Noel is a producer for KUOW’s midday show Soundside.
Prior to joining Soundside, Noel worked as an online editor/producer with KUOW’s web team. She’s also a proud graduate of KUOW’s RadioActive program.
Noel is an alumna of Emerson College and has interned at NPR member stations WBUR in Boston, and WAMU in Washington DC. Originally from Lake Stevens, Washington, Noel is elated to be back in the Pacific Northwest and covering the people and places that make up the state she calls home. Noel has reported on labor and education.
When she’s not working, Noel enjoys perusing Seattle’s used bookstores, discussing the lasting legacy of Selena Quintanilla’s music with anyone who will listen, and spending way too much time fixing up her island on Animal Crossing: New Horizons.
Professional Affiliations: National Association of Hispanic Journalists, AIR
While most have been tuned into understanding implications the Supreme Court's overturning of Roe v. Wade will have on the country, the ruling on another case with local roots, Kennedy v. Bremerton School District, was issued today.
It's Pride Month. After two years of virtual festivities, in-person parades, concerts, and parties are finally back. Not sure where to start? We got you covered: we're taking you for a tour of Pride events around the Sound.
The rising cost of everyday goods, and the end of several pandemic programs like the expanded Child Tax Credit has put millions of families across the family in a financially precarious position. Here in Washington, Tacoma is piloting their own guaranteed income initiative. It's called GRIT, an acronym for growing resilience in Tacoma.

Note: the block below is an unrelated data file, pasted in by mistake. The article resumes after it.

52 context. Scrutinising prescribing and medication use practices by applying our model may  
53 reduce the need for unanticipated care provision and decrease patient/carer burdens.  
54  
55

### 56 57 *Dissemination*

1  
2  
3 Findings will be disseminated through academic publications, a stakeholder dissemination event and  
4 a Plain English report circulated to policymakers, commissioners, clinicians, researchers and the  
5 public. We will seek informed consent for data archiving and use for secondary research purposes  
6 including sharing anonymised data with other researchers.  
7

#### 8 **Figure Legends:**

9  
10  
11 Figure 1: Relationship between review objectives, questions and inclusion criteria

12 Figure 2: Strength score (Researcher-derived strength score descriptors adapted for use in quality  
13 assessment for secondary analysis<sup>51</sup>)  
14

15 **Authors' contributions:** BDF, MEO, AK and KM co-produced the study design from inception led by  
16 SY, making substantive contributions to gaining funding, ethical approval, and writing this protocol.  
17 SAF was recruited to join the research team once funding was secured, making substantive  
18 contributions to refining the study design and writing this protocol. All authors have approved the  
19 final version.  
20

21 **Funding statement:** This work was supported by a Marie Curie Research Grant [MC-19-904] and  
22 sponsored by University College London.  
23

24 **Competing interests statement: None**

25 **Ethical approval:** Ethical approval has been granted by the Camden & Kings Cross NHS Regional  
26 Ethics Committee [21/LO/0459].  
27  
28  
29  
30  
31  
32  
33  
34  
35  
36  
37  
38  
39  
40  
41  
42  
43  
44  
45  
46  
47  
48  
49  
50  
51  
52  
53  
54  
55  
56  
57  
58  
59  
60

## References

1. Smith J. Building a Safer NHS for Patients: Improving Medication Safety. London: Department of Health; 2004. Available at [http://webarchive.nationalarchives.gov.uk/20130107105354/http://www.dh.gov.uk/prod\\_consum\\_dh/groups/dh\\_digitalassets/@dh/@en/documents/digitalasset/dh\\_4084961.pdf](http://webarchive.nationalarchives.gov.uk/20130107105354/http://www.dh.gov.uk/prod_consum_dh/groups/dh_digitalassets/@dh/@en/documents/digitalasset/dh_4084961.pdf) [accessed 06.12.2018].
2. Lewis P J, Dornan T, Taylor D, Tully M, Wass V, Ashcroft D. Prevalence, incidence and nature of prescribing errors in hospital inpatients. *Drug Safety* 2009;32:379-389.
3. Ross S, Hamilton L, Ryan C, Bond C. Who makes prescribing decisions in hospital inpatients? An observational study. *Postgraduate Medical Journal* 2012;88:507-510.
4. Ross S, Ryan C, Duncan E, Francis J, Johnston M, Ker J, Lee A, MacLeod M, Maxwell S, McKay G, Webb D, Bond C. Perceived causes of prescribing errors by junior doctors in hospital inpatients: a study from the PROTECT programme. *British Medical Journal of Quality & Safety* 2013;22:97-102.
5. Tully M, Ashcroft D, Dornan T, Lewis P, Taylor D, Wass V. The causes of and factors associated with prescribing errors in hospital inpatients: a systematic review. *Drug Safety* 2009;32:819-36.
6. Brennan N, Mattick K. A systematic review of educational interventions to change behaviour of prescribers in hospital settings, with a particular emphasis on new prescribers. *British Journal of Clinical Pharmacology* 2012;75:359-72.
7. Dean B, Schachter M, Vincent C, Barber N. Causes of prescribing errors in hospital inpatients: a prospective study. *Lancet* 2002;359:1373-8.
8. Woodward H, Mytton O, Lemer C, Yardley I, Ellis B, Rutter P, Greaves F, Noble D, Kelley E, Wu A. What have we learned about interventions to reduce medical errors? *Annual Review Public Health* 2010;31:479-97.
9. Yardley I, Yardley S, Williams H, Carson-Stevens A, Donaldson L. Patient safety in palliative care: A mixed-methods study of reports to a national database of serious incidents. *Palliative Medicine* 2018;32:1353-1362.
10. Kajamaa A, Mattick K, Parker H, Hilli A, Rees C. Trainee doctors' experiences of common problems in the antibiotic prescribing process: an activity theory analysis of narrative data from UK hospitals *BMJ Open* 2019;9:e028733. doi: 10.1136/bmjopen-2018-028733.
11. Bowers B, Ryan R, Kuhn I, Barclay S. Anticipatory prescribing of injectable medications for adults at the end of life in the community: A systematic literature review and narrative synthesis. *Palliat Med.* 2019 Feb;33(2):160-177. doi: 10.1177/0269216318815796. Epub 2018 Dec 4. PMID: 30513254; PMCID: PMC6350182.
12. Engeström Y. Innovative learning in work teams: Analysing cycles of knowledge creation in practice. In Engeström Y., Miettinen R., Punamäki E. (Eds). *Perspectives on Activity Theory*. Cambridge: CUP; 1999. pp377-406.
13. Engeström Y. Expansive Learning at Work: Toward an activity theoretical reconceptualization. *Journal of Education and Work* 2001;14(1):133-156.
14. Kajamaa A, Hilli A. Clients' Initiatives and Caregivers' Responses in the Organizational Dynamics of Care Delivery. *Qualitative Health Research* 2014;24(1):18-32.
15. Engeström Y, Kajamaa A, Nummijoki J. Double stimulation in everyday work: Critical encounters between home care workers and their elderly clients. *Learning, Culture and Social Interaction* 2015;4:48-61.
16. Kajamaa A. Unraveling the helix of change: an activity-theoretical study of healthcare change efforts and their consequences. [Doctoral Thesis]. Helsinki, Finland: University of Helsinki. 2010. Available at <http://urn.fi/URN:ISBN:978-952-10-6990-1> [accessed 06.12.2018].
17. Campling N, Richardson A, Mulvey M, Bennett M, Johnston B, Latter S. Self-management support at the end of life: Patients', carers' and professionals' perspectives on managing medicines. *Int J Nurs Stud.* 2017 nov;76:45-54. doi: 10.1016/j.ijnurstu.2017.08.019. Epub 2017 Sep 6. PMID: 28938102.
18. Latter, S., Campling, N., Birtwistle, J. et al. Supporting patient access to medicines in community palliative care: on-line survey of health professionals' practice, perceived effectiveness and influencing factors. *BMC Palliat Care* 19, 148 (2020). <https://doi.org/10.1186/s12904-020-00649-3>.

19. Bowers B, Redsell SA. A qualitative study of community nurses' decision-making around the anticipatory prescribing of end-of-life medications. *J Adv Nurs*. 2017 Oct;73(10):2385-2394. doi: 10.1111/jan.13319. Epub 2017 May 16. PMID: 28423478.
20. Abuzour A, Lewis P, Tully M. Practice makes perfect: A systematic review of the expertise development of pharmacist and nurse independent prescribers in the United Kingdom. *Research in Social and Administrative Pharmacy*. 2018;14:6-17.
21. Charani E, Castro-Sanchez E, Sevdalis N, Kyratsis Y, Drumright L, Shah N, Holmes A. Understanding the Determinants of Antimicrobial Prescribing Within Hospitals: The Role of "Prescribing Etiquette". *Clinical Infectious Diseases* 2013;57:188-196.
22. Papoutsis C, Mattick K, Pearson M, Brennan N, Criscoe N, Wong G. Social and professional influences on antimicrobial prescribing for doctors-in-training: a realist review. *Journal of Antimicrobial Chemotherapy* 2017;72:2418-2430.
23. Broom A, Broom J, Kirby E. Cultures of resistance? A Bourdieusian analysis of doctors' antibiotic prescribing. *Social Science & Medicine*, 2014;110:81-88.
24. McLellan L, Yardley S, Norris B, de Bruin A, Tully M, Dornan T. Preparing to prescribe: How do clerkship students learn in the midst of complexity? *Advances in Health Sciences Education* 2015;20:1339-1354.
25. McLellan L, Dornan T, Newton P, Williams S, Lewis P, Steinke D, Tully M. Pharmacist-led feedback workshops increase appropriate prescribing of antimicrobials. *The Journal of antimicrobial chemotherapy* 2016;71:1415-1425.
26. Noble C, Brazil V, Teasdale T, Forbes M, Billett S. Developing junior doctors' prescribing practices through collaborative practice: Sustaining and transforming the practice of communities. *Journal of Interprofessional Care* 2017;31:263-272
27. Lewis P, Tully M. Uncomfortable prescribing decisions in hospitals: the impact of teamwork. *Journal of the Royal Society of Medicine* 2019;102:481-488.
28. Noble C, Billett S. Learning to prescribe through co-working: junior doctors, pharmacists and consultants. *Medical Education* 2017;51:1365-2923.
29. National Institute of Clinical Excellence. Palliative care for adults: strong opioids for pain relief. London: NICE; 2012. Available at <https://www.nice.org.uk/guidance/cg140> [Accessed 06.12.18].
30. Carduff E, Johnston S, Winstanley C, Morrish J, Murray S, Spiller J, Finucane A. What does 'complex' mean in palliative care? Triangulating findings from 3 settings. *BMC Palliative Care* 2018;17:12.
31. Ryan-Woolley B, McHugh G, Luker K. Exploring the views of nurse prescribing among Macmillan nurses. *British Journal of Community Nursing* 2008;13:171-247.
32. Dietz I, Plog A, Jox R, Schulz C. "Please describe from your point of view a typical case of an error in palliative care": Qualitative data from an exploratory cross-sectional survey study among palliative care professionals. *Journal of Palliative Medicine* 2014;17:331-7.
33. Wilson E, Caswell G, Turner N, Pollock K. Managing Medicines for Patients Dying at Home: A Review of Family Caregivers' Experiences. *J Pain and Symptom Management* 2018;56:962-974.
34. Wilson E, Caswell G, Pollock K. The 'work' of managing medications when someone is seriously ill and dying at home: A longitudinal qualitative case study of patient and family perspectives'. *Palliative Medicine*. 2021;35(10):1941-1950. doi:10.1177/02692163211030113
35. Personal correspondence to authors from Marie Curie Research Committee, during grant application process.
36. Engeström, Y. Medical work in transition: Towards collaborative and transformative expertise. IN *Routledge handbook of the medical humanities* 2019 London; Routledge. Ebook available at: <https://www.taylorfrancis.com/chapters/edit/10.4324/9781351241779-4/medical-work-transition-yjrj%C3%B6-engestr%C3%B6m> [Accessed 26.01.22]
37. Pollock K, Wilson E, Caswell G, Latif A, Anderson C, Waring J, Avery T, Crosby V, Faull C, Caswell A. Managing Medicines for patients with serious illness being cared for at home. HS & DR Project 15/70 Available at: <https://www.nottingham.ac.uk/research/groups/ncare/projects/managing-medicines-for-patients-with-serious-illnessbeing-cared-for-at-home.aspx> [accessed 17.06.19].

In the early 1960s, Seattle Public Schools launched the "voluntary racial transfer program." A new documentary features voices of students, past and present, reflecting on the legacy of busing and racism in the halls of Roosevelt High School and the district at-large.
At its core, Soundside is about connecting with our listeners and bringing you stories you care about and that impact those of us living here in the Pacific Northwest. Each week we ask for your thoughts about our stories -- where they've succeeded and where they can improve. Here's what you told us.
Last month, Metro Parks Tacoma announced the closure of the popular Five Mile Drive to vehicles, after a geotechnical assessment found that the erosion of the bluffs posed a safety risk. The report did not explicitly link the erosion to climate change, but park officials say they believe there is a connection. So how are Washington's parks responding to the effects climate change is having on our coastlines, forests, and mountains?
What's the meaning of the word "family?" For musician, record label President, and Sonic Boom Records co-founder Nabil Ayers, this question has followed him throughout his life.
An internal memo sent to the Seattle Police Department's interim police Chief Adrian Diaz is raising new questions about the agency's priorities.
The end of the quarter crunch is looking a little different for some students at Seattle Pacific University.
Pandemic disruptions have brought the gaps in Washington's special education services into sharp focus. Some families are having to make a tough decision: sending their children far across the country to specialized boarding schools with services that meet their needs.